Device data is the data that has been either transmitted or received by the device. All data is converted to its ASCII equivalent by the sniffer. Data is represented either as an ASCII character string or as hexadecimal numbers. Strings are enclosed with double quotes at both the beginning and end of the string. This allows white spaces to be seen when viewed on paper. Numbers are separated with a space (‘‘or 0×20). See device specific sections for more details.
A-2.1.5 End-of-Record (EOR)
The EOR is a carriage return (<cr>,‘\r’, or 0×0D) followed by a newline (<n1>, ‘\n’, or 0×0A).
A-2.2 Keyboard Data
Keyboard data is represented using hex numbers. No additional status data is available for the keyboard. The data field contains from 2 to 4 status bytes (depending on keyboard type) followed by the make/break sequences for the key codes. The record format for the keyboard is shown below.
The following examples indicates the make/break sequence for the 24 (1) key.
K: 00 04 7E
K: 00 04 F0 7E
There are 6 additional status characters for the printer. The first status character indicates which print station the data is targeted. The second character indicates the font. Characters 3-4 indicates the decimal value for the number of line feeds associated with this print. Characters 5-6 indicate the decimal value for the number of dot rows per line feed. Below is the record format for the printer.
Font codes are shown in the table below.
Station codes are shown below.
The following example is for a normal print to the cash receipt with 01 linefeeds and 12 dots per line feed.
PNC0112:“Item Number 1 1.00 B”
Display data contains one additional status character indicating the line of the display. Below is the record for the display.
Below is an example for 2 lines of data sent to the display.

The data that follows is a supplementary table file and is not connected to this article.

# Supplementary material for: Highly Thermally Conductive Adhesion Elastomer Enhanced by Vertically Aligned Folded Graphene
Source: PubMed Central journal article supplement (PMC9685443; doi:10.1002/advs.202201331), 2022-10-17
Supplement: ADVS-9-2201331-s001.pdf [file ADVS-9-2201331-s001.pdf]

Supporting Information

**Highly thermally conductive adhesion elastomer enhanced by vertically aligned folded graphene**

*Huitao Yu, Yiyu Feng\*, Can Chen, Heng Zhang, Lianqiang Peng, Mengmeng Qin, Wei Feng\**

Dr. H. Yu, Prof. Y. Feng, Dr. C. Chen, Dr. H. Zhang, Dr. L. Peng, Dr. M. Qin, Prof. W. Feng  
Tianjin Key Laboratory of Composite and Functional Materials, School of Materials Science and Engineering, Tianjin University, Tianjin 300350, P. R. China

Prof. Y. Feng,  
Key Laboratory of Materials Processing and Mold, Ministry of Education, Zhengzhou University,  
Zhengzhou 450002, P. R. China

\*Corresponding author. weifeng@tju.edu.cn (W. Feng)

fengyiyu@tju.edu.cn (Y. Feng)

Barcode data shows data sent from a barcode reader device (e.g., handheld scanner) to the terminal. The device byte is followed by 4 bytes of additional information. These 4 bytes indicate the 2 status bytes associated with the barcode data. These bytes are transmitted for future reference. The barcode data is an ASCII string.
Below is an example for a barcode exchange.
A-2.6 Shopper Display
Shopper display is information set to the “Retail Shopper Display”. The shopper display contains up to 9 ASCII characters and 6 status LEDs. Shown below is the data record for the shopper display.
The LED status is represented using 2 ASCII characters indicating the hex value of the LEDs. Shown below are bit definitions for the LED status byte. Bit 0 is the least significant bit.
Not labeled on display
Below is an example for shopper display data. The first line indicates an item sale of 1.00. The second line shows a change of 0.95.
A-2.7 Error Conditions
Errors may occur while sniffing data. Possible errors include data overrun on the link, data overrun on the async port and corrupted frames on the link. An error condition is indicated with the following record. The device code corresponds to the supported device codes. Error information is a list of numbers (TBD).
Additional error info
A-3 Supported Devices
The protocol converter may be designed to support at least the following devices.
A-4 Example Session
K: 00 04 4D
D1:“**R2 CORPORATION** ”
D2:“ TRUE FREEDOM ”
K: 00 04 F0 4D
K: 00 04 7E
K: 00 04 F0 7E
K: 00 04 AF
K: 00 04 F0 AF
PNC0112:“ Item Number 1 1.00 B”
D1:“ITEM NUMBER 1 ”
K: 00 04 0E
K: 00 04 F0 0E
K: 00 04 AF
K: 00 04 F0 AF
PNC0112:“ Item Number 2 2.00 B”
D1:“ITEM NUMBER 2 ”
K: 00 04 BF
D1:“TAX DUE .14”
K: 00 04 F0 BF
K: 00 04 7F
K: 00 04 F0 7F
K: 00 04 0D
K: 00 04 F0 0D
K: 00 04 0D
K: 00 04 F0 0D
K: 00 04 8E
PNC0112:“ ****TAX .14 BAL 3.14 ”
K: 00 04 F0 8E
PNJ0112:“ ****TAX .14 BAL 3.14 ”
PNJ0112:“ Cash 4.00 ”
PNC0112:“ Cash 4.00 ”
PNC0112:“ CHANGE .86 ”
PNJ0112:“ CHANGE .86 ”
PNJ0112:“3/05/80 09:45 0001 01 0078 1 ”
PNC0112:“3/05/80 09:45 0001 01 0078 1 ”
PNC0112:“ EARNING YOUR BUSINESS EVERYDAY! ”
PNC0912:“ CALL TOLL FREE ”
PNC0112:“ ** R2 CORPORATION ** ”
PNC0312:“ ** TRUE FREEDOM ** ”
Devices found in the protocol converter line perform many functions. Some devices emulate legacy IBM peripherals, requiring no custom programming on the IBM terminal. Other devices, however, require the terminal application to be updated to fully utilize such features as the electronic journal, flash disk, and printer pass-thru functions. This document describes the programming interface for the protocol converter and print share devices.